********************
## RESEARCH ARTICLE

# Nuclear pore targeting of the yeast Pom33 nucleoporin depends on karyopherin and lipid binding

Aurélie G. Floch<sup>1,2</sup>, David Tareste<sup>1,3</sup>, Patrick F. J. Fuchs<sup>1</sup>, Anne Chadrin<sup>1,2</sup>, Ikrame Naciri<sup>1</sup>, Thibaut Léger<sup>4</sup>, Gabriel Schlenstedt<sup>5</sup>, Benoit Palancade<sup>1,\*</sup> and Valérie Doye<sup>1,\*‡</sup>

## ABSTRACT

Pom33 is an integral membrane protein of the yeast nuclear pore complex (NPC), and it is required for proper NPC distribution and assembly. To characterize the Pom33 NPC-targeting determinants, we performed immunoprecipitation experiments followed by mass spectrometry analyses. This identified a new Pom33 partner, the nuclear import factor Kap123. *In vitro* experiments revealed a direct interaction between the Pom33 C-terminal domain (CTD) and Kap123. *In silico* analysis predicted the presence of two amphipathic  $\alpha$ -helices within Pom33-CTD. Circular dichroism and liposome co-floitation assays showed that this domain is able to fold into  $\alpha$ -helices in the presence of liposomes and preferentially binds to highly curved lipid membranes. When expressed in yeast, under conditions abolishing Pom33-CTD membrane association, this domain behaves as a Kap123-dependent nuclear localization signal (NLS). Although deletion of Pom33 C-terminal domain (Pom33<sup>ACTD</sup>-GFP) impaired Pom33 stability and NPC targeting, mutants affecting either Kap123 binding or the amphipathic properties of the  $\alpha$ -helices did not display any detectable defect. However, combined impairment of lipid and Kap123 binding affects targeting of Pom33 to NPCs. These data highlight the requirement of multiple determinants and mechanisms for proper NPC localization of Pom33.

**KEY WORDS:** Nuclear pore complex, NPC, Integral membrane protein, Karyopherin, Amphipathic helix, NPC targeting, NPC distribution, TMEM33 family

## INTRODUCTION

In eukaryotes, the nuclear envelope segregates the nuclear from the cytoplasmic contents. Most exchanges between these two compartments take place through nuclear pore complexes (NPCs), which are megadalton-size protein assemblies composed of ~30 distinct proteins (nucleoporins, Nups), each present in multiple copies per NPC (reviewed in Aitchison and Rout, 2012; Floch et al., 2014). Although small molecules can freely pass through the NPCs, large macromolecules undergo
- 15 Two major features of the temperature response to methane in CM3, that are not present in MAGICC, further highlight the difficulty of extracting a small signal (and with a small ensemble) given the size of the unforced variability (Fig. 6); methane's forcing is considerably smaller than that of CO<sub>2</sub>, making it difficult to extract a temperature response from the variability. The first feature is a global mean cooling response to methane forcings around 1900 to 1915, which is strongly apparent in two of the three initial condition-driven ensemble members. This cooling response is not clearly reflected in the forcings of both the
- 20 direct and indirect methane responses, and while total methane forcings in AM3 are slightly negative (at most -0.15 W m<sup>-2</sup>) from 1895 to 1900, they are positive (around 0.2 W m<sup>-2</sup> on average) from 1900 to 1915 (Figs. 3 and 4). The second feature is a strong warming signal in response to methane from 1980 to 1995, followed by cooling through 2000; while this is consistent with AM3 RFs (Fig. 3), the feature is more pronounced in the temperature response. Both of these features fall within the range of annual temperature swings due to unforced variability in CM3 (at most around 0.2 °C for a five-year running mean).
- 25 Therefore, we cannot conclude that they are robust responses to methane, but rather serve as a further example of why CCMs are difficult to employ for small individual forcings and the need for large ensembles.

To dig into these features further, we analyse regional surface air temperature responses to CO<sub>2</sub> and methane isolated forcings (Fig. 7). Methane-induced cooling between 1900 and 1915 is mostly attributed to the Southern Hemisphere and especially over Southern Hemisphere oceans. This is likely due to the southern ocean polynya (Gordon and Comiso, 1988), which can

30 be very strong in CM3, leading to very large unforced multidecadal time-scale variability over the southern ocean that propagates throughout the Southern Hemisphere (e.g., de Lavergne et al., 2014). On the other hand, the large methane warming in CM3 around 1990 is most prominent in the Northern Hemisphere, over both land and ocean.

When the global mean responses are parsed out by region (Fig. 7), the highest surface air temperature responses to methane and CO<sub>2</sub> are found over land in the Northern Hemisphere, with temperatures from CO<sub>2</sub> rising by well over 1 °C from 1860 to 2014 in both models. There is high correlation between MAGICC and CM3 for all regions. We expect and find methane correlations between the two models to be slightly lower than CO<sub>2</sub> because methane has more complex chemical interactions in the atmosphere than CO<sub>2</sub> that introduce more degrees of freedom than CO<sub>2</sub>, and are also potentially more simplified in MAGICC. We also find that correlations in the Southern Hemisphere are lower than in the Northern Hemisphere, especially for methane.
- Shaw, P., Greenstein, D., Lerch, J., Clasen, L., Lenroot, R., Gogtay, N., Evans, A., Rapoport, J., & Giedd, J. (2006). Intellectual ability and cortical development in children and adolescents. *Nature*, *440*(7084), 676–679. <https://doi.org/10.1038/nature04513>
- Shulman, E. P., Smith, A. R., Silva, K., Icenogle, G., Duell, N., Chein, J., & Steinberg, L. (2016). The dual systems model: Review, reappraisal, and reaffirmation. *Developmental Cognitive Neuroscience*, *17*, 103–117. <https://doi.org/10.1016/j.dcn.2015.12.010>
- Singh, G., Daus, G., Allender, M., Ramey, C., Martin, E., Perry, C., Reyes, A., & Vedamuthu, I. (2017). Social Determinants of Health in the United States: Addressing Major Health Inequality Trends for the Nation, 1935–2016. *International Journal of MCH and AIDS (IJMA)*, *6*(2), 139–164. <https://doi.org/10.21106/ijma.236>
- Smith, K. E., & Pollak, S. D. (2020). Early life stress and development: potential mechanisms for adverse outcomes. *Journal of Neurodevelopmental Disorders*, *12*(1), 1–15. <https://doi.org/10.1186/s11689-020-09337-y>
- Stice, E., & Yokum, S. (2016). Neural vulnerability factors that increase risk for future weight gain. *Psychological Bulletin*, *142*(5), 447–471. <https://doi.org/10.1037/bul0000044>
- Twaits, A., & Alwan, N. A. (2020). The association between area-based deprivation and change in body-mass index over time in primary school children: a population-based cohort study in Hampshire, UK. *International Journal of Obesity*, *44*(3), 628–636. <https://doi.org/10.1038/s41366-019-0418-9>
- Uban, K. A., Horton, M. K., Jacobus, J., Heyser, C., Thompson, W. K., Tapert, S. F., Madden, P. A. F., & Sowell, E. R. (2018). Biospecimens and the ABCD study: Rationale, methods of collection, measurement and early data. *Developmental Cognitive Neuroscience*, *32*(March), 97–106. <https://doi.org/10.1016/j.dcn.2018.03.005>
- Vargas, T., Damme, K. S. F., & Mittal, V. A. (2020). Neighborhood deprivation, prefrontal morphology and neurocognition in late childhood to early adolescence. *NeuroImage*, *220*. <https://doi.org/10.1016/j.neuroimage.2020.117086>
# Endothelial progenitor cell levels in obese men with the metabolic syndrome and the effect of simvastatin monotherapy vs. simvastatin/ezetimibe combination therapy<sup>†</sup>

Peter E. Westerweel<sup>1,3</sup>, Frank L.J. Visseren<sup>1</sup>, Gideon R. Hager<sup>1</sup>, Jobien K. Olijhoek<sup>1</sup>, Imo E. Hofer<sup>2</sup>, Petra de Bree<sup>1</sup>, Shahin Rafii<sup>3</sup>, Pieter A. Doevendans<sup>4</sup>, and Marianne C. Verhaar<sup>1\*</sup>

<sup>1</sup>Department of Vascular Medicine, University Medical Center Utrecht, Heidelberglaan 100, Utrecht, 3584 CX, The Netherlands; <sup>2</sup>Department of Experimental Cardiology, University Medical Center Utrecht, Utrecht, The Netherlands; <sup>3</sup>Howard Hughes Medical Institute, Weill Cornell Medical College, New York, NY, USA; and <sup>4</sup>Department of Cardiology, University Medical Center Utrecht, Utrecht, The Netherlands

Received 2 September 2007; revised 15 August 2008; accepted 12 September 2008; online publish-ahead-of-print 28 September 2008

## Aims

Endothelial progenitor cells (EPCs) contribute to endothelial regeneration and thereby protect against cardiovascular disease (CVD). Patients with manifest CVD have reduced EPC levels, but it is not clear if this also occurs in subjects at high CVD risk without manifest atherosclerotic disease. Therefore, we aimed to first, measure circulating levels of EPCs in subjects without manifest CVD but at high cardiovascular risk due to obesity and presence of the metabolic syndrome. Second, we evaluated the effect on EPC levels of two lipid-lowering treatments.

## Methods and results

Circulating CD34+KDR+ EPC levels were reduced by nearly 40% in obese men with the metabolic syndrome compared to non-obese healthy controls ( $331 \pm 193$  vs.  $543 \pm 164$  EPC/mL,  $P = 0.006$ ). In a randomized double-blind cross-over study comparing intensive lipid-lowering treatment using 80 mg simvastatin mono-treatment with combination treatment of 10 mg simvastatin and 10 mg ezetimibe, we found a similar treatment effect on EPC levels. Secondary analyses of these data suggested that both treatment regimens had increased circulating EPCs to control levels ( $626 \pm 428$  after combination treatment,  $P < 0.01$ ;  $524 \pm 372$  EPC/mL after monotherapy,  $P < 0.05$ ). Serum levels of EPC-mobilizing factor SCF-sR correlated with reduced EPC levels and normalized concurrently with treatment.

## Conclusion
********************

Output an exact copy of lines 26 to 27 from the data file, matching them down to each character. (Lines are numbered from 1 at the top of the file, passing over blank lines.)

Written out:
Received 2 September 2007; revised 15 August 2008; accepted 12 September 2008; online publish-ahead-of-print 28 September 2008

## Aims